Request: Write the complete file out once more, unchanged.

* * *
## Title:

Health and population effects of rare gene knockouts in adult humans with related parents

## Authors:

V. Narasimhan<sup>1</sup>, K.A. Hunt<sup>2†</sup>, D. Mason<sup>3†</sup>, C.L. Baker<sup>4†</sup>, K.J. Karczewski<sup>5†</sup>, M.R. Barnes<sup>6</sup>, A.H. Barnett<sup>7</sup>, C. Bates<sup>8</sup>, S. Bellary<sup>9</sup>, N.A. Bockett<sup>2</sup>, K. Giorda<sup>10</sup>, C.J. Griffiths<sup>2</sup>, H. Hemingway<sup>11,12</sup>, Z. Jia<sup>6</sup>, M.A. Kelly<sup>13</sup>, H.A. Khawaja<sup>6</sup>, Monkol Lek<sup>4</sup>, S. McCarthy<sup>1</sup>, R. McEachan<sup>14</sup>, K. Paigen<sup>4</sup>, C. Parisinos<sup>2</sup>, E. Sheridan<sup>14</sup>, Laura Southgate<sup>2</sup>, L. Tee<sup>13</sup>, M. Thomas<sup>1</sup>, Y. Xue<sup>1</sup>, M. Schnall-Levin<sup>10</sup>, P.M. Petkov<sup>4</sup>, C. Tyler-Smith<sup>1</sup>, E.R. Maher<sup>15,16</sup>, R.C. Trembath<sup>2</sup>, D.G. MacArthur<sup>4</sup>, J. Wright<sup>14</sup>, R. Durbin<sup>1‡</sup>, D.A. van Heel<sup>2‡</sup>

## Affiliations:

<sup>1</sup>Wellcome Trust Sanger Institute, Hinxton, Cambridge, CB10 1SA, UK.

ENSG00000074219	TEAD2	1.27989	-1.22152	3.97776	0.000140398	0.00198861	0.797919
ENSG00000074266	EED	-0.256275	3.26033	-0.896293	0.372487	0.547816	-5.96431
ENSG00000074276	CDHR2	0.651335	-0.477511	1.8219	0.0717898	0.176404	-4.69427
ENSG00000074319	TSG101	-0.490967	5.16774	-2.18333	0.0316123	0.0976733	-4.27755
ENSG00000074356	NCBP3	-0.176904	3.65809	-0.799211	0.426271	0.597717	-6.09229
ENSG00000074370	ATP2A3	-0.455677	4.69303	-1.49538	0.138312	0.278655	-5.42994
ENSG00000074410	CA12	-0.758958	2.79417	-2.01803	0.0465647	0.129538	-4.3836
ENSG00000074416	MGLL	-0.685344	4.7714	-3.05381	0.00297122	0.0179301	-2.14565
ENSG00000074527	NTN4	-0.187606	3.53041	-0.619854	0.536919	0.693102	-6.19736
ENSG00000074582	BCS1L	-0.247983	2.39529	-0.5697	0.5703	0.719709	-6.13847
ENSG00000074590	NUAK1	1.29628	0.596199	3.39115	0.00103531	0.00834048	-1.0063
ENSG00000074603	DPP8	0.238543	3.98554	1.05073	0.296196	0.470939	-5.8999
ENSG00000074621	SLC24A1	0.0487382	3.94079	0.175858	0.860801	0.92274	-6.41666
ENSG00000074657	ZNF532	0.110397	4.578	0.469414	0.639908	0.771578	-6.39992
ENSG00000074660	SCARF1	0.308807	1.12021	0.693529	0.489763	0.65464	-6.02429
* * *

## Title:

Health and population effects of rare gene knockouts in adult humans with related parents

## Authors:

V. Narasimhan<sup>1</sup>, K.A. Hunt<sup>2†</sup>, D. Mason<sup>3†</sup>, C.L. Baker<sup>4†</sup>, K.J. Karczewski<sup>5†</sup>, M.R. Barnes<sup>6</sup>, A.H. Barnett<sup>7</sup>, C. Bates<sup>8</sup>, S. Bellary<sup>9</sup>, N.A. Bockett<sup>2</sup>, K. Giorda<sup>10</sup>, C.J. Griffiths<sup>2</sup>, H. Hemingway<sup>11,12</sup>, Z. Jia<sup>6</sup>, M.A. Kelly<sup>13</sup>, H.A. Khawaja<sup>6</sup>, Monkol Lek<sup>4</sup>, S. McCarthy<sup>1</sup>, R. McEachan<sup>14</sup>, K. Paigen<sup>4</sup>, C. Parisinos<sup>2</sup>, E. Sheridan<sup>14</sup>, Laura Southgate<sup>2</sup>, L. Tee<sup>13</sup>, M. Thomas<sup>1</sup>, Y. Xue<sup>1</sup>, M. Schnall-Levin<sup>10</sup>, P.M. Petkov<sup>4</sup>, C. Tyler-Smith<sup>1</sup>, E.R. Maher<sup>15,16</sup>, R.C. Trembath<sup>2</sup>, D.G. MacArthur<sup>4</sup>, J. Wright<sup>14</sup>, R. Durbin<sup>1‡</sup>, D.A. van Heel<sup>2‡</sup>

## Affiliations:

<sup>1</sup>Wellcome Trust Sanger Institute, Hinxton, Cambridge, CB10 1SA, UK.

ENSG00000074219	TEAD2	1.27989	-1.22152	3.97776	0.000140398	0.00198861	0.797919
ENSG00000074266	EED	-0.256275	3.26033	-0.896293	0.372487	0.547816	-5.96431
ENSG00000074276	CDHR2	0.651335	-0.477511	1.8219	0.0717898	0.176404	-4.69427
ENSG00000074319	TSG101	-0.490967	5.16774	-2.18333	0.0316123	0.0976733	-4.27755
ENSG00000074356	NCBP3	-0.176904	3.65809	-0.799211	0.426271	0.597717	-6.09229
ENSG00000074370	ATP2A3	-0.455677	4.69303	-1.49538	0.138312	0.278655	-5.42994
ENSG00000074410	CA12	-0.758958	2.79417	-2.01803	0.0465647	0.129538	-4.3836
ENSG00000074416	MGLL	-0.685344	4.7714	-3.05381	0.00297122	0.0179301	-2.14565
ENSG00000074527	NTN4	-0.187606	3.53041	-0.619854	0.536919	0.693102	-6.19736
ENSG00000074582	BCS1L	-0.247983	2.39529	-0.5697	0.5703	0.719709	-6.13847
ENSG00000074590	NUAK1	1.29628	0.596199	3.39115	0.00103531	0.00834048	-1.0063
ENSG00000074603	DPP8	0.238543	3.98554	1.05073	0.296196	0.470939	-5.8999
ENSG00000074621	SLC24A1	0.0487382	3.94079	0.175858	0.860801	0.92274	-6.41666
ENSG00000074657	ZNF532	0.110397	4.578	0.469414	0.639908	0.771578	-6.39992
ENSG00000074660	SCARF1	0.308807	1.12021	0.693529	0.489763	0.65464	-6.02429